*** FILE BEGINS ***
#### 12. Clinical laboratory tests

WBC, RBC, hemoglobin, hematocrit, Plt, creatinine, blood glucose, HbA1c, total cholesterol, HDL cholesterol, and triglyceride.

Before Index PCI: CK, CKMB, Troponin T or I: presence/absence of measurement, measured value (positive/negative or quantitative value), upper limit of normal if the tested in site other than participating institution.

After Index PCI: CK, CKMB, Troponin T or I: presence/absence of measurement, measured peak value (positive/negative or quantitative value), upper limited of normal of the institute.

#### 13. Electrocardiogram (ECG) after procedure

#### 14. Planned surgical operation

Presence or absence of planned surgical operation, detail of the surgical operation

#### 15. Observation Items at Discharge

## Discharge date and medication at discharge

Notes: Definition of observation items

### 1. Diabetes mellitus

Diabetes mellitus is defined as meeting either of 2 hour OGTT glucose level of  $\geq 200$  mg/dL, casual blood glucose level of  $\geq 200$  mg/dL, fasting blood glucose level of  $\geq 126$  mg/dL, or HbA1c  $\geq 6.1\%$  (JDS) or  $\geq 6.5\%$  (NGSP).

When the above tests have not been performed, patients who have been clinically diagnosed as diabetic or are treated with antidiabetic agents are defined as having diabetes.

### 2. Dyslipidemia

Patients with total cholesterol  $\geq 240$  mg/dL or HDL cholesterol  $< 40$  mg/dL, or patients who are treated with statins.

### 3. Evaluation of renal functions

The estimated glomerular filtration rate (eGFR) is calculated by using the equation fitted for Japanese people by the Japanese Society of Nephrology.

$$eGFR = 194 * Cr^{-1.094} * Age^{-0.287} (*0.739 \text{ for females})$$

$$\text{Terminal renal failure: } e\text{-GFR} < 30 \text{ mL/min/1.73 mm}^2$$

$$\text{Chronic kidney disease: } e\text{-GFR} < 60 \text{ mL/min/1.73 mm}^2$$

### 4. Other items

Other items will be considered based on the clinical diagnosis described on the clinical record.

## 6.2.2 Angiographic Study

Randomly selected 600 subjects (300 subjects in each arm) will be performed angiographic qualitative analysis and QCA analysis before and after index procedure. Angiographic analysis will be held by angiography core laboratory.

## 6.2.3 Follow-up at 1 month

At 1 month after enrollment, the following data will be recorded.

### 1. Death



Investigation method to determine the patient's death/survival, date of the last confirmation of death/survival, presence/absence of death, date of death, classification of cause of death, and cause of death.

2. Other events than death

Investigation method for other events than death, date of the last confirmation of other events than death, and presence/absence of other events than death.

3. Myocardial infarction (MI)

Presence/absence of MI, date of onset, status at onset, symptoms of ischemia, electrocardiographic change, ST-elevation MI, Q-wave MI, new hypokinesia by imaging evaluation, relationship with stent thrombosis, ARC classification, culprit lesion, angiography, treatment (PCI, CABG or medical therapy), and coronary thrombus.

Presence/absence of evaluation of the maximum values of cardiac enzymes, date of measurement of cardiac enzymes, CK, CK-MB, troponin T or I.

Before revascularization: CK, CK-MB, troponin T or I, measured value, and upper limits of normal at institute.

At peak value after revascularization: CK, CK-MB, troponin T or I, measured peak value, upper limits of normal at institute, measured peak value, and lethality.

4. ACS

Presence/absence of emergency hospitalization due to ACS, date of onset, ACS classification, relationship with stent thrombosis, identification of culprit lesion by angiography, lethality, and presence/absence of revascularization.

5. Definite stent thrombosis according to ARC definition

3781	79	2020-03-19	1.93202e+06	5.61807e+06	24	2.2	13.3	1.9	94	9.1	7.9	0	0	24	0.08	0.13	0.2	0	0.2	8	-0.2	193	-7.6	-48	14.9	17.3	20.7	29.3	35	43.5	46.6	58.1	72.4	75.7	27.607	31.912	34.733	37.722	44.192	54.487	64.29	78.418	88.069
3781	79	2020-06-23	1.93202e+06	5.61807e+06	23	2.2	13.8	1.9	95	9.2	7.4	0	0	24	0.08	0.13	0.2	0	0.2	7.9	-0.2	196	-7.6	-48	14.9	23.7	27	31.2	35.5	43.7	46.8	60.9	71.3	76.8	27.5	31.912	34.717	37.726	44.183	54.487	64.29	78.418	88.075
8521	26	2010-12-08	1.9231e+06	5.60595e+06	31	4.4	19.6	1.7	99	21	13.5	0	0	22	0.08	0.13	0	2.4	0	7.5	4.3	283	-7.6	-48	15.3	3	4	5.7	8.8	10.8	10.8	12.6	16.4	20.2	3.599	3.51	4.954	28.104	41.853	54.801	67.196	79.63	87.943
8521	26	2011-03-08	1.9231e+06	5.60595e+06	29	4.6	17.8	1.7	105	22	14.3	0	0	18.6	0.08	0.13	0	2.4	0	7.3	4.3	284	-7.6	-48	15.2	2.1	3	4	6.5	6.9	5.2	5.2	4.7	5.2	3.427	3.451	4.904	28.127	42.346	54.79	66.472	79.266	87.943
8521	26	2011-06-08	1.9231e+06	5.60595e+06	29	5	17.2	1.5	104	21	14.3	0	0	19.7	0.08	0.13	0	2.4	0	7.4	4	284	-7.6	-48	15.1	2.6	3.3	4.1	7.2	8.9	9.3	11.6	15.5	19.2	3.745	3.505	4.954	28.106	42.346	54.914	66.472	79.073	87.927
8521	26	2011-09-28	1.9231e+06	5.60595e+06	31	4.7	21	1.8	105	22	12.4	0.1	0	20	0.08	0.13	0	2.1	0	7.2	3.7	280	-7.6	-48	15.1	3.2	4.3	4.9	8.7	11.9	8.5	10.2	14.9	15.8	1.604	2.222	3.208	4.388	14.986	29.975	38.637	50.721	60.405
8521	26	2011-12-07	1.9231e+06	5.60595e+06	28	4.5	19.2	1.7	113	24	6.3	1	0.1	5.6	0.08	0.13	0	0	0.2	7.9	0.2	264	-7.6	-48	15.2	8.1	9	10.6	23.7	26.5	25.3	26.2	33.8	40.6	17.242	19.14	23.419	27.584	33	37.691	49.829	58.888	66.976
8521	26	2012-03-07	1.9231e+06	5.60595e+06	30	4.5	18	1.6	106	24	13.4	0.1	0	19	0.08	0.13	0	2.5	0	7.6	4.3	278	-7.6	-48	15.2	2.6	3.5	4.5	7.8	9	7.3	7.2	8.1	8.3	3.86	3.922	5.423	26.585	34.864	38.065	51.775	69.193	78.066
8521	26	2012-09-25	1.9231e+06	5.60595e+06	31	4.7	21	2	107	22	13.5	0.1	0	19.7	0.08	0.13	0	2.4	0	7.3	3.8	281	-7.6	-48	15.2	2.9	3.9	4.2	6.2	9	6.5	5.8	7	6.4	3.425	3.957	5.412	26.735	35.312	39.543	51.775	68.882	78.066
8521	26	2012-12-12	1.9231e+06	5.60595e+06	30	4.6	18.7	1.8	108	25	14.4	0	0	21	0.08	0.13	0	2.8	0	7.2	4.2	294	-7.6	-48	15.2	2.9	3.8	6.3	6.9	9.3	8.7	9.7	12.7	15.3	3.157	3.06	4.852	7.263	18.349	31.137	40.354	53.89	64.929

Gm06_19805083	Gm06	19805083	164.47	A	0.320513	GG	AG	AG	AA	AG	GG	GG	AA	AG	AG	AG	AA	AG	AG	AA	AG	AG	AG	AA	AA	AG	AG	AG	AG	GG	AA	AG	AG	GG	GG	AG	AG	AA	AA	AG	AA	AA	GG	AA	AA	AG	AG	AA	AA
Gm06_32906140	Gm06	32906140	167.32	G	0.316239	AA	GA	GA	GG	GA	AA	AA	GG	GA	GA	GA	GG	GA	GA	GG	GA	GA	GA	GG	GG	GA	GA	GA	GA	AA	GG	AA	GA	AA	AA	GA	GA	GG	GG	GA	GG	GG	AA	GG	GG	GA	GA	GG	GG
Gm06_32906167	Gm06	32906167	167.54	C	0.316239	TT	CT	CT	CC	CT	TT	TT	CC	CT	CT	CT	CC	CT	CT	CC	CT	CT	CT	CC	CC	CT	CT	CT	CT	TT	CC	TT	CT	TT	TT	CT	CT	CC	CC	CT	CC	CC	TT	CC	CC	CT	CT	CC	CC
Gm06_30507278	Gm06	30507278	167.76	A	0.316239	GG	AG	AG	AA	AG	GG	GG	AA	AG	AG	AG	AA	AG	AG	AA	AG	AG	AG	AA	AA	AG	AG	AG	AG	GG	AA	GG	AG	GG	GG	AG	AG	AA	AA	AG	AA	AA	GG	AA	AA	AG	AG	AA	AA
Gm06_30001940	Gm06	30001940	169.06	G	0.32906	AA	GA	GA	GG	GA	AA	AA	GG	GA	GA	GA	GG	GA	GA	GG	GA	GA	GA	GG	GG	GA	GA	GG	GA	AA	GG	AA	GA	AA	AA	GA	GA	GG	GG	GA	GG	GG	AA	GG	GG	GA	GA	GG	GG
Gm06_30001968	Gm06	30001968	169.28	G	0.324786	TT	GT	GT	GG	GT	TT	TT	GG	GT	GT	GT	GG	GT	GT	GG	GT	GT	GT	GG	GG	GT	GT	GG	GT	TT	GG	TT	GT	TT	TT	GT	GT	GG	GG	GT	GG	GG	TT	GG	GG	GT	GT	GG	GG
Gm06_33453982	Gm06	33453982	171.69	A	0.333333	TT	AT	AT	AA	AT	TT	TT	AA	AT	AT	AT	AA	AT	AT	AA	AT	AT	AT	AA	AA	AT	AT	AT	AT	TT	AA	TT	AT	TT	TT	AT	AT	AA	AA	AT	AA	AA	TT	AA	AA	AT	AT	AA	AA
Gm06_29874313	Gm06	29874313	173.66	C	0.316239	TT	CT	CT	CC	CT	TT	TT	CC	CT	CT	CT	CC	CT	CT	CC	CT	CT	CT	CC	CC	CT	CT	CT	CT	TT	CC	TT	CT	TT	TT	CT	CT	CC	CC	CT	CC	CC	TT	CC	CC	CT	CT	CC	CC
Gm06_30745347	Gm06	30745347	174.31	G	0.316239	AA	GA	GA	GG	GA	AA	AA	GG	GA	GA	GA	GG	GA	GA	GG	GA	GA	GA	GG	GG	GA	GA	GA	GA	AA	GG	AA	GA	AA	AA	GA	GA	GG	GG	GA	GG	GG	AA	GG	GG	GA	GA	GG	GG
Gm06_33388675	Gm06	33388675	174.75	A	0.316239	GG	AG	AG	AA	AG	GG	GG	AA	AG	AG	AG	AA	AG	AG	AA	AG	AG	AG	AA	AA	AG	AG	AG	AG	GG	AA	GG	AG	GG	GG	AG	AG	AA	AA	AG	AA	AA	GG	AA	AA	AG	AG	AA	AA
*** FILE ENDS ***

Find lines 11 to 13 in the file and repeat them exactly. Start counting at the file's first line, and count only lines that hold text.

### 1. Diabetes mellitus

Diabetes mellitus is defined as meeting either of 2 hour OGTT glucose level of  $\geq 200$  mg/dL, casual blood glucose level of  $\geq 200$  mg/dL, fasting blood glucose level of  $\geq 126$  mg/dL, or HbA1c  $\geq 6.1\%$  (JDS) or  $\geq 6.5\%$  (NGSP).

When the above tests have not been performed, patients who have been clinically diagnosed as diabetic or are treated with antidiabetic agents are defined as having diabetes.